SKOWHEGAN – Joel Alex graduated from Colby College as an environmental studies major and has been working as a mapmaking consultant for the past five years.
Alex, who lives in Farmington, said the local food scene, which includes three farmers markets and community-supported agriculture, piqued his interest in sustainable food systems. He took up home-brewing.
“One day I was like why doesn’t anyone make a locally sourced Maine beer? And that’s when I realized you couldn’t do that,” said Alex.
In April, Alex left his job to research malting and brewing full time with the aspiration of starting a malt house in the Somerset Grange hall. Although there are many beers brewed in Maine, one of the main ingredients used in making those beers — malt — is not produced in Maine.
Alex, who describes himself as someone who cares about where food comes from, has been working with the Maine Grain Alliance and was recently given a scholarship to attend the annual Kneading Conference in Skowhegan. The two-day conference featured regional and national experts on grain growing, milling, bread baking and wood-fired and hand-made ovens.
“It was a really good way for me to connect with other people in grain systems. Even people that aren’t necessarily interested in malting, for example bakers or millers, are working with the same ingredient, just in a different way,” said Alex.
For the last eight months, Alex has been working on establishing what would be Maine’s first craft malt house. Malt, which is made from processed grains such as barley, is used to make beer and whiskey as well as food products such as malt vinegar and malted milk. According to the Institute of Brewing & Distilling in London, there are just 28 craft maltsters in North America.
Amber Lambke, executive director of the Maine Grain Alliance and the founder and co-owner of the Somerset Grist Mill downtown, said that the addition of a malt house in the former Somerset Grange hall would benefit the revival of the local grain economy under way.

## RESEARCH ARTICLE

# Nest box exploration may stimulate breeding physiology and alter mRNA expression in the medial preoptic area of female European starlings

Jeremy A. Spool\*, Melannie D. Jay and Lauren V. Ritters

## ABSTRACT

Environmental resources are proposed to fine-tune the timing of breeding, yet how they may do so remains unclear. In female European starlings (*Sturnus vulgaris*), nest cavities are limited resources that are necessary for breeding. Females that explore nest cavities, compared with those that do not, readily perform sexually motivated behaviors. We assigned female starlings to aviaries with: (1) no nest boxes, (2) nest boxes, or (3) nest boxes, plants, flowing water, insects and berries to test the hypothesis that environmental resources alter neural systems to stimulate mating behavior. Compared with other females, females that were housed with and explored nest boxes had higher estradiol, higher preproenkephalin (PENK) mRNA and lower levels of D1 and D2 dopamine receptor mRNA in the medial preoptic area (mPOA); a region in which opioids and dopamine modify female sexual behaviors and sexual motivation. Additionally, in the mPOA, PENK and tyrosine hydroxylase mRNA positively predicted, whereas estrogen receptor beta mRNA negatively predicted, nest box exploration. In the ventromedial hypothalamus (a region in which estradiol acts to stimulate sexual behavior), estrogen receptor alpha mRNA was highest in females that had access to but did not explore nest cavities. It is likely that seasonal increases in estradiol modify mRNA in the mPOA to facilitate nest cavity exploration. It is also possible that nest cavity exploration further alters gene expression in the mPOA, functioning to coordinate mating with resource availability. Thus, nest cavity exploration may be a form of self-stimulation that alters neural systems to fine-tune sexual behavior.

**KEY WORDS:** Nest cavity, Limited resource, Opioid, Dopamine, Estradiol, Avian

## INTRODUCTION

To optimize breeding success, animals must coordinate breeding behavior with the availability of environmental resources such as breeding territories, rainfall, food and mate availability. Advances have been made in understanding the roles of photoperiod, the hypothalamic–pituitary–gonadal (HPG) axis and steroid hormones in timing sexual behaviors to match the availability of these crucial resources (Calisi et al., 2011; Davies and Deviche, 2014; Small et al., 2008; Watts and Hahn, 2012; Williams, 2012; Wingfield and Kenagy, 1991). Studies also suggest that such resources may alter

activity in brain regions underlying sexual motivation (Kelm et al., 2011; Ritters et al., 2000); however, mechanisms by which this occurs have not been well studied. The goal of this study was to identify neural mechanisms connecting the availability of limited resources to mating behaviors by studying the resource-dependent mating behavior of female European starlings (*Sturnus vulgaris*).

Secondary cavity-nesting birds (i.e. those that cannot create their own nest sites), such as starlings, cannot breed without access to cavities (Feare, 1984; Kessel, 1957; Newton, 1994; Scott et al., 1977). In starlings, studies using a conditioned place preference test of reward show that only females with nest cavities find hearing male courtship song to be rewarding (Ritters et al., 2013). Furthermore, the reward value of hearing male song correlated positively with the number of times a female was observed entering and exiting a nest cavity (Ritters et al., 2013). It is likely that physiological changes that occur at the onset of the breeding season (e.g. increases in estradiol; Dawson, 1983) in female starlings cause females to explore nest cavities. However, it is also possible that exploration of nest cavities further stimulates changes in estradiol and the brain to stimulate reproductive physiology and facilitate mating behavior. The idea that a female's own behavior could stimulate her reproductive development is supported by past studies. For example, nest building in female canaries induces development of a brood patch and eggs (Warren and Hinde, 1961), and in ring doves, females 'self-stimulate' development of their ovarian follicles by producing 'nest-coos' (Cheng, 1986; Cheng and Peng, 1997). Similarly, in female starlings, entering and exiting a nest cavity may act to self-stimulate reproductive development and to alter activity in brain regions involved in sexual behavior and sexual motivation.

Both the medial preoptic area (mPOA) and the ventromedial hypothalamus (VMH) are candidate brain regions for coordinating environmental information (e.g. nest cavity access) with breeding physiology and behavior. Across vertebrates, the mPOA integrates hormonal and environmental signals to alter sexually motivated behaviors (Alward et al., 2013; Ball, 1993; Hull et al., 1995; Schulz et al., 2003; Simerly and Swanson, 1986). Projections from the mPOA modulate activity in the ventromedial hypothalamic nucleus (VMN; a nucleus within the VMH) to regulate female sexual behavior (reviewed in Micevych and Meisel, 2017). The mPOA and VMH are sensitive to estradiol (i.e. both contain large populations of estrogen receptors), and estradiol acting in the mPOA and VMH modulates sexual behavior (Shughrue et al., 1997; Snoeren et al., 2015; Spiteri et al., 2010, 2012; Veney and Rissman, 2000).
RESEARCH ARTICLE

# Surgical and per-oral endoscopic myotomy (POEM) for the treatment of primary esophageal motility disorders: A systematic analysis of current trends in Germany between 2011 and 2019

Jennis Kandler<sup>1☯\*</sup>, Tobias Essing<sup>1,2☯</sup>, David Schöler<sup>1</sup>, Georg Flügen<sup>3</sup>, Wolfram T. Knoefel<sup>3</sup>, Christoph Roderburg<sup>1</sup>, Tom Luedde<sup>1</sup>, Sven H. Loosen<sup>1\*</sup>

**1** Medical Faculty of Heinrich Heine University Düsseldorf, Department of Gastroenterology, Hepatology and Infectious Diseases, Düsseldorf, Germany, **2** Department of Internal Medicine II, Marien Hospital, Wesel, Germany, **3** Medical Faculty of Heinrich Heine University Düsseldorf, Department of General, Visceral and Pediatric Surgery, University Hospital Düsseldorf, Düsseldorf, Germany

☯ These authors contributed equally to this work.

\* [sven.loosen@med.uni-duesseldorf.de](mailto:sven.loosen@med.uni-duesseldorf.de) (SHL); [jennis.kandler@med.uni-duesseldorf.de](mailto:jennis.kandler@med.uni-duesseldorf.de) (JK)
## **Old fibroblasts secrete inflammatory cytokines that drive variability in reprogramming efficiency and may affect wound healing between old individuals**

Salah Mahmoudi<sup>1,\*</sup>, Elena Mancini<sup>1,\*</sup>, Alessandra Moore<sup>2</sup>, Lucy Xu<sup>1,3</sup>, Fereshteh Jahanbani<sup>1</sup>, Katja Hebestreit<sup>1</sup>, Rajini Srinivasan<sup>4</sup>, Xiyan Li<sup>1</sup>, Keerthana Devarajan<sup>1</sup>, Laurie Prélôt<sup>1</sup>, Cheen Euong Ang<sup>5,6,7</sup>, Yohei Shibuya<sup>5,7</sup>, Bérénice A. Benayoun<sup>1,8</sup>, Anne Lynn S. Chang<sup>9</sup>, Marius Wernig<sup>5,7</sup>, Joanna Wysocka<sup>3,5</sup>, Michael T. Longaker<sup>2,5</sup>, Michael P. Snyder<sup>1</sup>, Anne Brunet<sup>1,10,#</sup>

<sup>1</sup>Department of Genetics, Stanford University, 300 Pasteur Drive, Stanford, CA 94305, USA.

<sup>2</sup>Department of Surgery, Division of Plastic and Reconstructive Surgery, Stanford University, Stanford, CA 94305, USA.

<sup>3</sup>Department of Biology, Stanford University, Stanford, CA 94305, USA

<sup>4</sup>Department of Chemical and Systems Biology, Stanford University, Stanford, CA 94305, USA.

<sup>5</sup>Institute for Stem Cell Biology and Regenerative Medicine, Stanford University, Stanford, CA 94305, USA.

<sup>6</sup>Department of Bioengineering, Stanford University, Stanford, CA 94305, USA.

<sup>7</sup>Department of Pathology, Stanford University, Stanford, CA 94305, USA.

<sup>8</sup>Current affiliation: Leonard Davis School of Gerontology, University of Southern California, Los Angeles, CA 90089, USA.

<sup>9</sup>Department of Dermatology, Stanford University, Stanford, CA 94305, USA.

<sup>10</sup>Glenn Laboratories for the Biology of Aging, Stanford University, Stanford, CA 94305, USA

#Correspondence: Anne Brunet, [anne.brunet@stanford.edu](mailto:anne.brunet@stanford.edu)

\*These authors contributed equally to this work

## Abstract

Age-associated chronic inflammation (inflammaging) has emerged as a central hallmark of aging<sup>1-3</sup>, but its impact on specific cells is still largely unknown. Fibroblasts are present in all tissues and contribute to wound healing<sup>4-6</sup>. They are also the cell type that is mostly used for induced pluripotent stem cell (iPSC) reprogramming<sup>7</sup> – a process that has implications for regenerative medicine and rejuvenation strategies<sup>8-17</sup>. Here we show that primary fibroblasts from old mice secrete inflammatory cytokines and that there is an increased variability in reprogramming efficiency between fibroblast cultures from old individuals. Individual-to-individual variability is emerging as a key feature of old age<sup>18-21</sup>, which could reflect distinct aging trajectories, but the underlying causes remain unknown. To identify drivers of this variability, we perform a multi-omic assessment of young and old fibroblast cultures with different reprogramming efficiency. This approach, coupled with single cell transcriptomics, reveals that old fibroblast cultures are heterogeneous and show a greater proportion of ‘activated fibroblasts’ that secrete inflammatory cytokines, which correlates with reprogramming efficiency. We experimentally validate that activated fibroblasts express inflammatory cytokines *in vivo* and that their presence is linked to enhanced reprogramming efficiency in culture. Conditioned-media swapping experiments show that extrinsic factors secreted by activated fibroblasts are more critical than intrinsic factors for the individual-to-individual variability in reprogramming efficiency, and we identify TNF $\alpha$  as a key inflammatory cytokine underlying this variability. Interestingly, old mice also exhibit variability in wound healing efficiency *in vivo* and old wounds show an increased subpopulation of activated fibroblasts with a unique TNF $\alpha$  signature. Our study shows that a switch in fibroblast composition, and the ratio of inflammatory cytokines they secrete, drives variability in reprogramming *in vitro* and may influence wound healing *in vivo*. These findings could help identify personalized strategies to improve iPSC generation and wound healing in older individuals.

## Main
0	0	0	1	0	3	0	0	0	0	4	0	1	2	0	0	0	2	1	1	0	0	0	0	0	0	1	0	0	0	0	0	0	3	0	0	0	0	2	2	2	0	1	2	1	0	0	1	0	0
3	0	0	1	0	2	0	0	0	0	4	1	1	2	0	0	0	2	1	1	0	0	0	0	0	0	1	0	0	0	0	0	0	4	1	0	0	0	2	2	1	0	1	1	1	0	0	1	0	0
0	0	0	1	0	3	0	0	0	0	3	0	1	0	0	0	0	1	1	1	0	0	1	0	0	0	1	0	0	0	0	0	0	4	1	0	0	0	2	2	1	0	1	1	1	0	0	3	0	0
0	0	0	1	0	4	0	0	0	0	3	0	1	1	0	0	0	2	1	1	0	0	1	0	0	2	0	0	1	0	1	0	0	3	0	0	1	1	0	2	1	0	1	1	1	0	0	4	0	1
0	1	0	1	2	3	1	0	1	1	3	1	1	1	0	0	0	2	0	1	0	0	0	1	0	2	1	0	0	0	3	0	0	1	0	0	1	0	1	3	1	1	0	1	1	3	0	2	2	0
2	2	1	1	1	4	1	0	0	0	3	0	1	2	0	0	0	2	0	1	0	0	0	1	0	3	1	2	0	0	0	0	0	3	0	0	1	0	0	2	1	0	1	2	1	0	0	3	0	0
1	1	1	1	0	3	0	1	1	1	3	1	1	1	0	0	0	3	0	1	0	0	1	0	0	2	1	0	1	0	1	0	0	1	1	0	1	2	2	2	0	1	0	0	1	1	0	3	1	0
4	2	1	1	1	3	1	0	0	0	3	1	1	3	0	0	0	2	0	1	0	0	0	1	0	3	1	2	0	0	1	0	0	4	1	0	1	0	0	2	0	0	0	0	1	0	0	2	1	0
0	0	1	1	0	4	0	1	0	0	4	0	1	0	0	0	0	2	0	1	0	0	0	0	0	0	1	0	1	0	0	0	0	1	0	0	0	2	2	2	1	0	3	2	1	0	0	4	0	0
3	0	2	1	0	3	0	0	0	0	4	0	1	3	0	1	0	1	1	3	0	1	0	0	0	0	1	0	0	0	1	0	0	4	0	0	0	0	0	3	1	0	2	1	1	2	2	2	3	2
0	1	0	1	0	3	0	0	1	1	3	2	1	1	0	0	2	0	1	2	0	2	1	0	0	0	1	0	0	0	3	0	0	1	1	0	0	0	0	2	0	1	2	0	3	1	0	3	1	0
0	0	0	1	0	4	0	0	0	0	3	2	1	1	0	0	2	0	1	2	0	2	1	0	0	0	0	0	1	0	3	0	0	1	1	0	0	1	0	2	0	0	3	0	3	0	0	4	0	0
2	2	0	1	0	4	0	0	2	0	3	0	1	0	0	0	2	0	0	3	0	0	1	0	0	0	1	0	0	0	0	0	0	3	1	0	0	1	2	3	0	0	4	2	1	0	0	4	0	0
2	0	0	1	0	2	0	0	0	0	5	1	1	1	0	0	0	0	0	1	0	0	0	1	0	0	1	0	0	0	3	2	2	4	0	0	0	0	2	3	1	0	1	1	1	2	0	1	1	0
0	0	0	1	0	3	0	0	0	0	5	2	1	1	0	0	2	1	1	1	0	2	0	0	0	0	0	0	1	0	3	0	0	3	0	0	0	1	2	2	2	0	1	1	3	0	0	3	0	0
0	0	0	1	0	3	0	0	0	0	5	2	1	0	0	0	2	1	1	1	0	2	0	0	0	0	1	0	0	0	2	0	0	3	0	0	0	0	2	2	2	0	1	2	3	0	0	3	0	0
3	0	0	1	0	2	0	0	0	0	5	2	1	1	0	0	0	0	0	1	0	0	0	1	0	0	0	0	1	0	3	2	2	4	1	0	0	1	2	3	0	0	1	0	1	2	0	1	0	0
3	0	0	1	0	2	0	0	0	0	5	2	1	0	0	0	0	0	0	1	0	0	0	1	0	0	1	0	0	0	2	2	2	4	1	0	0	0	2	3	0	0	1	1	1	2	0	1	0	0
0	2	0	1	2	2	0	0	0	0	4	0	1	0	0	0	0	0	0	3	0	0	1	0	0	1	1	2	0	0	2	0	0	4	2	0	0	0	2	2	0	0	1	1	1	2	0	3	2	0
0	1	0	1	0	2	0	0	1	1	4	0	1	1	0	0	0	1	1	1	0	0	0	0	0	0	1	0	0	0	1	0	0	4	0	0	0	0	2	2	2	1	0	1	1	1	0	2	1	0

The grist mill, which opened in the former Somerset County Jail in 2008, processes and mills flour and oats that it buys from Maine farmers and distributes throughout the Northeast. It has contracts with food stores, bakeries and farmers’ markets including the New York City Greenmarkets, a network of 54 farmers’ markets based in Queens, N.Y.
Lambke said that there are a number of farmers in Maine that grow barley, but that most of it is shipped to Canada for malting.
“It’s grown in Maine but it’s not staying in Maine. I think if Joel can address that issue there is a lot of business to be had,” said Lambke.
In 2012, Maine ranked sixth in the U.S. for the number of microbreweries per capita, with a total of 37, according to the Brewer’s Association, an organization seeking to protect and promote independent brewers in the U.S.
Stephen Dionne, who recently bought the Somerset Grange with Lambke, said renovations on the building, which dates to 1894 and is on Pleasant Street a short walk from the grist mill, are well under way. He said he plans to restore the hall to its original exterior, with deep tan siding and white trim.
Dionne said he has spoken with Alex about putting a malt house in the bottom floor of the grange, an idea he says is a good one but that will also require additional work to the building’s electrical work and plumbing.
“I would love to see Joel in there. I think a malt house would couple nicely with the grist mill and it would be good to have another grain-based business downtown,” said Dionne.
Alex, who is teaching summer school in Massachusetts while working on his idea, said he sees the malt house as more than just a way to build the local grain economy.
“I’m someone who loves rural Maine and loves the rural community. The drive behind this is to find a method of rural economic development that also maintains rural character. I think food systems, and a malt house, can do that,” he said.
Rachel Ohm can be contacted at 612-2368 or at: